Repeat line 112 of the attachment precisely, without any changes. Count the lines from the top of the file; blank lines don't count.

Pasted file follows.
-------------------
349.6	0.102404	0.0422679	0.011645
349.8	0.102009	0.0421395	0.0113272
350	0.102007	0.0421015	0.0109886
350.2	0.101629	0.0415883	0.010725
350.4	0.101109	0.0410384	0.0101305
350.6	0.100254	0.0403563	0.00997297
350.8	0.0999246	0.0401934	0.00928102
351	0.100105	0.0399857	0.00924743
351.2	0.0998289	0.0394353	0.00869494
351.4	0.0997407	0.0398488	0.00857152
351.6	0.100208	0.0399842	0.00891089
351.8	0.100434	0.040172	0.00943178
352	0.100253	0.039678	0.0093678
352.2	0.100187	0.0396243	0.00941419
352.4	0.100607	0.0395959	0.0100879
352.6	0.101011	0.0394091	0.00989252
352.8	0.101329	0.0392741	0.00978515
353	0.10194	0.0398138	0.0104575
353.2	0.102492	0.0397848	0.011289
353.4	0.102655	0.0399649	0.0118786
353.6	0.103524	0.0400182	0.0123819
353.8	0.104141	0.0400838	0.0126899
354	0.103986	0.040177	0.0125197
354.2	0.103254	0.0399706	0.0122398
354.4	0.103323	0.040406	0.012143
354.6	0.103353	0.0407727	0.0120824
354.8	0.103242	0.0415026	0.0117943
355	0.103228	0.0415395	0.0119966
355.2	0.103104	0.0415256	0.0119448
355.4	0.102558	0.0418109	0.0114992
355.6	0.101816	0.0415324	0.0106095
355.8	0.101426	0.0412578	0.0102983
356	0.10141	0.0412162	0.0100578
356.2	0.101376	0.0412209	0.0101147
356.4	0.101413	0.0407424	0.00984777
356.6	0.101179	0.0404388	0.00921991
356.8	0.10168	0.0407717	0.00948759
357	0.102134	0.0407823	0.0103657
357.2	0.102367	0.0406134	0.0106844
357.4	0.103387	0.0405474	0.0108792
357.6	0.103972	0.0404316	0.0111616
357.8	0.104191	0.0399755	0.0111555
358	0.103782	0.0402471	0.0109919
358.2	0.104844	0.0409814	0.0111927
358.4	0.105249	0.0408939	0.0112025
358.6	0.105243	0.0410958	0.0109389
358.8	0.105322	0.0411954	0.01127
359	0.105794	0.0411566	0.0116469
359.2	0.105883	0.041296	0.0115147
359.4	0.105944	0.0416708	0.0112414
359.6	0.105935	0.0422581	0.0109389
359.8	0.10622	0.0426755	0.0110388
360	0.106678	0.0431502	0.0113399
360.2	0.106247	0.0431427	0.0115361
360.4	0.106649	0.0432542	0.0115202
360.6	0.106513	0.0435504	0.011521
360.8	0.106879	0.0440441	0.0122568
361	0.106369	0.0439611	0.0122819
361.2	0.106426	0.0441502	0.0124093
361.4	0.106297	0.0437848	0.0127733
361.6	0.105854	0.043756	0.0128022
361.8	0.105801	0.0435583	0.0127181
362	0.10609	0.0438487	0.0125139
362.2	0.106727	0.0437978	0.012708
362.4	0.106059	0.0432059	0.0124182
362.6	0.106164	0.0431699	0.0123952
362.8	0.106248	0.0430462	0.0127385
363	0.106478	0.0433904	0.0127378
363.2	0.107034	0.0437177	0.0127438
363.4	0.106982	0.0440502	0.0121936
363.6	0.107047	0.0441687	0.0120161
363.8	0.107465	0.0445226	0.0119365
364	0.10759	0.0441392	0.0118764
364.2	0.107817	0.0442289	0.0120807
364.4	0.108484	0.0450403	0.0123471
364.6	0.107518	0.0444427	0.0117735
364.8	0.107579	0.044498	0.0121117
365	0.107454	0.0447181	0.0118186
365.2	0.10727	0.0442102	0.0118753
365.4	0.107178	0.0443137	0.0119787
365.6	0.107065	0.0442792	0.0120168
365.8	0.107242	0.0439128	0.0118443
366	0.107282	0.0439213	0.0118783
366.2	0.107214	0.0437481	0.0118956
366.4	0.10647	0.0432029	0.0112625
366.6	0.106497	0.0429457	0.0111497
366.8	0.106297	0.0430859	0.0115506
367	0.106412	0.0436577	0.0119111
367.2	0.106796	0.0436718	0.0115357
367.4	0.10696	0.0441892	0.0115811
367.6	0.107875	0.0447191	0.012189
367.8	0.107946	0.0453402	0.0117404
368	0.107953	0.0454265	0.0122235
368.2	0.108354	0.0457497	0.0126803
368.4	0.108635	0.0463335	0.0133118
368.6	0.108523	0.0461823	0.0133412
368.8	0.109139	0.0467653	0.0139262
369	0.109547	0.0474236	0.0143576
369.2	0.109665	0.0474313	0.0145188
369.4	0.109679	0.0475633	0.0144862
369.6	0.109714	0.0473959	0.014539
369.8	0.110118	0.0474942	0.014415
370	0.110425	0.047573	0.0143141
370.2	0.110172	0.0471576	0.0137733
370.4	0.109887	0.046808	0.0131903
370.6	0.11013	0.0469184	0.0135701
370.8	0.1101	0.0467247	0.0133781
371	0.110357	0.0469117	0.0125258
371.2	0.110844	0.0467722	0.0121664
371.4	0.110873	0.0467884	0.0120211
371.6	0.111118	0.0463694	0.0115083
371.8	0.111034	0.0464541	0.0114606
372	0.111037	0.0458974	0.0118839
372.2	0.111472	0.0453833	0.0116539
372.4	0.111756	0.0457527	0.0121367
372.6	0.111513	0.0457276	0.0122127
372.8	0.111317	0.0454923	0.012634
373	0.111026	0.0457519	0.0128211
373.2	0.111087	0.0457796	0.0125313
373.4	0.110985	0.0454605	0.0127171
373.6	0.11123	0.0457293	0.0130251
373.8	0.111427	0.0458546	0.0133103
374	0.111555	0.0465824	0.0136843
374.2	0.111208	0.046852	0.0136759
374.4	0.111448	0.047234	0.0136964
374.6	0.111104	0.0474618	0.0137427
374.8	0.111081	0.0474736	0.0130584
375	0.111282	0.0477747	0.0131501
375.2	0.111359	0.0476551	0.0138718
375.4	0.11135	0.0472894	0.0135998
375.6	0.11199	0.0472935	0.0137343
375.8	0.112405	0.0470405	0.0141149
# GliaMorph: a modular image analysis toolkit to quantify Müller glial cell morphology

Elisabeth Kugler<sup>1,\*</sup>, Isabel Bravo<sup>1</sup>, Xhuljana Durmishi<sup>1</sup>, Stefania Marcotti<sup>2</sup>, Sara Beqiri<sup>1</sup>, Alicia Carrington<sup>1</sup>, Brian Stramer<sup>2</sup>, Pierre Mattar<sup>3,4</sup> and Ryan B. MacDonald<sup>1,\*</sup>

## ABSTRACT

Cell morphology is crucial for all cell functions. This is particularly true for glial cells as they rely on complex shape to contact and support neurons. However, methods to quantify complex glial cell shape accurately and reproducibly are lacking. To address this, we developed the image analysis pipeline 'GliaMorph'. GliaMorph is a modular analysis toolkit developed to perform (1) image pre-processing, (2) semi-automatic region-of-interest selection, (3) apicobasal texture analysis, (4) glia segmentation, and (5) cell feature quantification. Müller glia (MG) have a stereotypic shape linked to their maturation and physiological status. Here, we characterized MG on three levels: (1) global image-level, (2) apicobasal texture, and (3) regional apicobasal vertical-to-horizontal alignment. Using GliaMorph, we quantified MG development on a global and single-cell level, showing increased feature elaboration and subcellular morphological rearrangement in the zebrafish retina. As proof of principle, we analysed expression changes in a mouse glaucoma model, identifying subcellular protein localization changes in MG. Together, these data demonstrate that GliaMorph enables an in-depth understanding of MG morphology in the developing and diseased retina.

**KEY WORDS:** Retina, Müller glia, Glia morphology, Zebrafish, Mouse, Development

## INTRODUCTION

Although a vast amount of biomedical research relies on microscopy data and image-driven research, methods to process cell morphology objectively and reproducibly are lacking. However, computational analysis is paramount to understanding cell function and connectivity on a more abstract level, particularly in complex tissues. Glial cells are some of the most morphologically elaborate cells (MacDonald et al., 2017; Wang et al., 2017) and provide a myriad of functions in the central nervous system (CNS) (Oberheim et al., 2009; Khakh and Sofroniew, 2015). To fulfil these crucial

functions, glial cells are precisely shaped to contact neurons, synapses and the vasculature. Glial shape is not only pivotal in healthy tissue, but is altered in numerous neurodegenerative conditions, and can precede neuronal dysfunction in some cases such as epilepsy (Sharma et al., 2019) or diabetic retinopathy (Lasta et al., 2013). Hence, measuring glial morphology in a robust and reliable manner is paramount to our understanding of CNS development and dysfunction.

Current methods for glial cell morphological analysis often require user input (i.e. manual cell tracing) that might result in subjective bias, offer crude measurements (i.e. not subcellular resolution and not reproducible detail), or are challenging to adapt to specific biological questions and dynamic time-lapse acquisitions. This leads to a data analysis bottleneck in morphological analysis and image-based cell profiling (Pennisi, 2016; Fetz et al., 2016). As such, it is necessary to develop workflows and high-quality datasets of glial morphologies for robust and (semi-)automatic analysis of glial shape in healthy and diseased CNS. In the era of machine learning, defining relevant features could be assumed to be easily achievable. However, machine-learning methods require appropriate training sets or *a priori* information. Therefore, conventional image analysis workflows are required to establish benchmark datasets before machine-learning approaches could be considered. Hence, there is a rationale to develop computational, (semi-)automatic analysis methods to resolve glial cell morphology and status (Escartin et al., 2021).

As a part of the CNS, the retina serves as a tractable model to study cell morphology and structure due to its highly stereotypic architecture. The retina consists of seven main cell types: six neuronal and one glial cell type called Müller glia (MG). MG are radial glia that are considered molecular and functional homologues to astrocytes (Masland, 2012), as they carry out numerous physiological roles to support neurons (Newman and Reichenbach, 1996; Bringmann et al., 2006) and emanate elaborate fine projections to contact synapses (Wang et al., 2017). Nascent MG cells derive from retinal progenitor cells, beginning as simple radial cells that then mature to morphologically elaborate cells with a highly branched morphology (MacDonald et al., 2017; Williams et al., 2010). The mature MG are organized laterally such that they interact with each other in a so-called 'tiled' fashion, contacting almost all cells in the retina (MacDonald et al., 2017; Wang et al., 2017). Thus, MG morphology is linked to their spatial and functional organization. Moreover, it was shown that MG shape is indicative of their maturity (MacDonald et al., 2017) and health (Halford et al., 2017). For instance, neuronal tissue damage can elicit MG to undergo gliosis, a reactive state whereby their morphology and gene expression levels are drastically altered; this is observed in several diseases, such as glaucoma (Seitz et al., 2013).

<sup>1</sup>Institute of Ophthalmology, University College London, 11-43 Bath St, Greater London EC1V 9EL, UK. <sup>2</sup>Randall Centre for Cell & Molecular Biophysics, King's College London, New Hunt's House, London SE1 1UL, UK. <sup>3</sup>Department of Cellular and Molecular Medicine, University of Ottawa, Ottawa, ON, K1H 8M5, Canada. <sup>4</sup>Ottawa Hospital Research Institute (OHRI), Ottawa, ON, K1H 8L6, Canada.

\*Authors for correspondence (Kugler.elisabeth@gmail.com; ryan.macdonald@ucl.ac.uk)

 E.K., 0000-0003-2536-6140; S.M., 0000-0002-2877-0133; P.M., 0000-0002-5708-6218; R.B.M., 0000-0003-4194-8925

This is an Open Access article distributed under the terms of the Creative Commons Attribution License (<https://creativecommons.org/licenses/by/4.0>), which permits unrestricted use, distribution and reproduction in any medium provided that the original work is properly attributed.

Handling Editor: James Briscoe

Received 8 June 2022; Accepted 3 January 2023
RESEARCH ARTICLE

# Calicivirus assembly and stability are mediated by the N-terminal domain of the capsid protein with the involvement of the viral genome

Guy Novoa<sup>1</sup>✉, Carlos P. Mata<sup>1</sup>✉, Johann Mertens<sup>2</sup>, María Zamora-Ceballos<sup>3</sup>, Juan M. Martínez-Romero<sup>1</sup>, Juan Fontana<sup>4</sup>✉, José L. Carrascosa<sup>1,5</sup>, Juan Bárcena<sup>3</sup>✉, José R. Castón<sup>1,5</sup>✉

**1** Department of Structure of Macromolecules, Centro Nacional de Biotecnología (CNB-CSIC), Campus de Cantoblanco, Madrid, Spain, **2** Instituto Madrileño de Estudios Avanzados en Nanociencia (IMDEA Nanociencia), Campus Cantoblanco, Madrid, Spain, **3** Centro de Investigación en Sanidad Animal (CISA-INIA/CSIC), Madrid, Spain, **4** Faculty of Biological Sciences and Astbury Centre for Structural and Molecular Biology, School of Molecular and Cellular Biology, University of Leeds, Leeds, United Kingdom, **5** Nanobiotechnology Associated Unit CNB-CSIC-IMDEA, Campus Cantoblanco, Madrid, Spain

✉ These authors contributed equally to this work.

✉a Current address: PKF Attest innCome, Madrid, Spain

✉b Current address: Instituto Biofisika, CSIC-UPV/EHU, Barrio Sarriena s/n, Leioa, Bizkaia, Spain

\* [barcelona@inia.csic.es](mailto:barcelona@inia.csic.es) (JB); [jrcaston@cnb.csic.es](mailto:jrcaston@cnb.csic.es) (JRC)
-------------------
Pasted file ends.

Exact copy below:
371.8	0.111034	0.0464541	0.0114606